So how do you find good gelato? To begin with, you're probably not going to find it in a supermarket. For one thing, it's all thrown in the freezer with the ice cream. Remember what I said about gelato being served at a warmer temperature? So that means seeking out a gelateria or at least an ice cream joint that offers gelato. Many of them do. But what should you look for?

One of the first things is color. Good quality gelato is made up primarily of natural ingredients. There are no artificial preservatives, additives, or dyes. So any neon-colored gelato you encounter is likely not very high quality. I saw some bright green “pistachio” gelato in an ice cream shop. Sorry, but natural pistachios are brownish in color and pistachio gelato should be too. Although brightly colored berry gelati are pretty to look at, they should really be more muted in color. Natural fruits are seldom as brilliant as their artificial counterparts. And while you're looking at the gelato, take note of whether or not it looks shiny. It shouldn't. Shiny gelato either has too many sugars in it or it has oxidized, a sign of age.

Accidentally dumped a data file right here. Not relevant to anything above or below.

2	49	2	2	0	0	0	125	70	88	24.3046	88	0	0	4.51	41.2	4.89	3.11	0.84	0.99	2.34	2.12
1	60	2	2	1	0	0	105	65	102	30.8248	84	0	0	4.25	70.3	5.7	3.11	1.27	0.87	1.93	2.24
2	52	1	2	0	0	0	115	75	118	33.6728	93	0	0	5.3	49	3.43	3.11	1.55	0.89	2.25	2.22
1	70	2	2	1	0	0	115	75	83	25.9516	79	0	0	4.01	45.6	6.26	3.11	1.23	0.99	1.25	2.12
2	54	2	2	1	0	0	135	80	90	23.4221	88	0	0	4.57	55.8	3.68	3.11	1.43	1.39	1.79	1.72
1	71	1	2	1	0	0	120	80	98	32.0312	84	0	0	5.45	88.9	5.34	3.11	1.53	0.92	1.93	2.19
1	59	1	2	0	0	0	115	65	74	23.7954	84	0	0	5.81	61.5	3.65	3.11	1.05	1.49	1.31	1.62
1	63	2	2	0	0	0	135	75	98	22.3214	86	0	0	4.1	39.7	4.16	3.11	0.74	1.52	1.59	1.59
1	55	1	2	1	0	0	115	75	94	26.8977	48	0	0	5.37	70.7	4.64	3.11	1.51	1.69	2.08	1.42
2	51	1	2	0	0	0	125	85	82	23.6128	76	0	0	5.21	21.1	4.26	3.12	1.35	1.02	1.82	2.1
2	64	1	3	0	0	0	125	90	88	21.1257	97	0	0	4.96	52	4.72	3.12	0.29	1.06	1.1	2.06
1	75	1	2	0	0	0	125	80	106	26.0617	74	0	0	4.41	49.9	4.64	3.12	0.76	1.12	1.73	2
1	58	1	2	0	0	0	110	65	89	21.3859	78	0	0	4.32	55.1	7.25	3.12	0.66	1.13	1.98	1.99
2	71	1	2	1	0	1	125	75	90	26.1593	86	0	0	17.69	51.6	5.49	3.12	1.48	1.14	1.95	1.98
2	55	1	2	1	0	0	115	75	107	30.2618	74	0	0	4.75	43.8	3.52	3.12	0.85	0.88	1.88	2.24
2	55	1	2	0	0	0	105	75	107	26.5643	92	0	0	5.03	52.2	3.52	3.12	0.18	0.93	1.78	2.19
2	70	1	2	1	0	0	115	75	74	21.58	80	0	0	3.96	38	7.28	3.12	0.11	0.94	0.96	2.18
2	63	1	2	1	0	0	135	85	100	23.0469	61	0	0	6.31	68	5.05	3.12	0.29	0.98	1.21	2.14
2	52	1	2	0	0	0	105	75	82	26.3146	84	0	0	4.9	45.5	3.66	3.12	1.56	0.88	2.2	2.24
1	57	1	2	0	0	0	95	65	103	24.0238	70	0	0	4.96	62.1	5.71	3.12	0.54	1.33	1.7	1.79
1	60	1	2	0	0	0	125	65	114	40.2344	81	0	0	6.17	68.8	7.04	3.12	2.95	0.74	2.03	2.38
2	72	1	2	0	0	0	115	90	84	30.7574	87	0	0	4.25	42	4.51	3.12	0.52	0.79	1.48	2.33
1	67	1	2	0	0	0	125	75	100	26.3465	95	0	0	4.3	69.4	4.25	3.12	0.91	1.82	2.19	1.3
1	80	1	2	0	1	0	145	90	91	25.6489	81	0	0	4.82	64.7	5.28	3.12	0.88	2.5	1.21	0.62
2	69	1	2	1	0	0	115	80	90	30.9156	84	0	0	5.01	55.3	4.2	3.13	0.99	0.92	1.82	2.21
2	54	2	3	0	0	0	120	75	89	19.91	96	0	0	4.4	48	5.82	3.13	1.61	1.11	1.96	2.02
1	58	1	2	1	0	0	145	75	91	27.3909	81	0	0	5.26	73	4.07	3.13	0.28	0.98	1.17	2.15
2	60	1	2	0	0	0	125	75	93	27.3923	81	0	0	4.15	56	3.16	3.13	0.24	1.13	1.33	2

Check out the selection of flavors. Simple, natural flavors are always best. Plain, for instance, or what Italians call fior di latte or fior di panna. This is just gelato with the natural flavor of milk or cream. Maybe vanilla, but be careful that the producer isn't trying to mask inferior milk or cream with vanilla flavoring. Chocolate is good, as are seasonal fruit flavors. Italian gelatiers introduced Parmesan gelato at a festival in Rimini a couple of years ago. Goofy novelty flavors like bubblegum and tutti fruitti are usually loaded with artificial ingredients. Whatever the flavor, tasting it should be a very forward experience. The flavor is up front in a quality gelato. It should grab you by the taste buds. If you can't quite figure out what you're eating, it's probably not very good quality.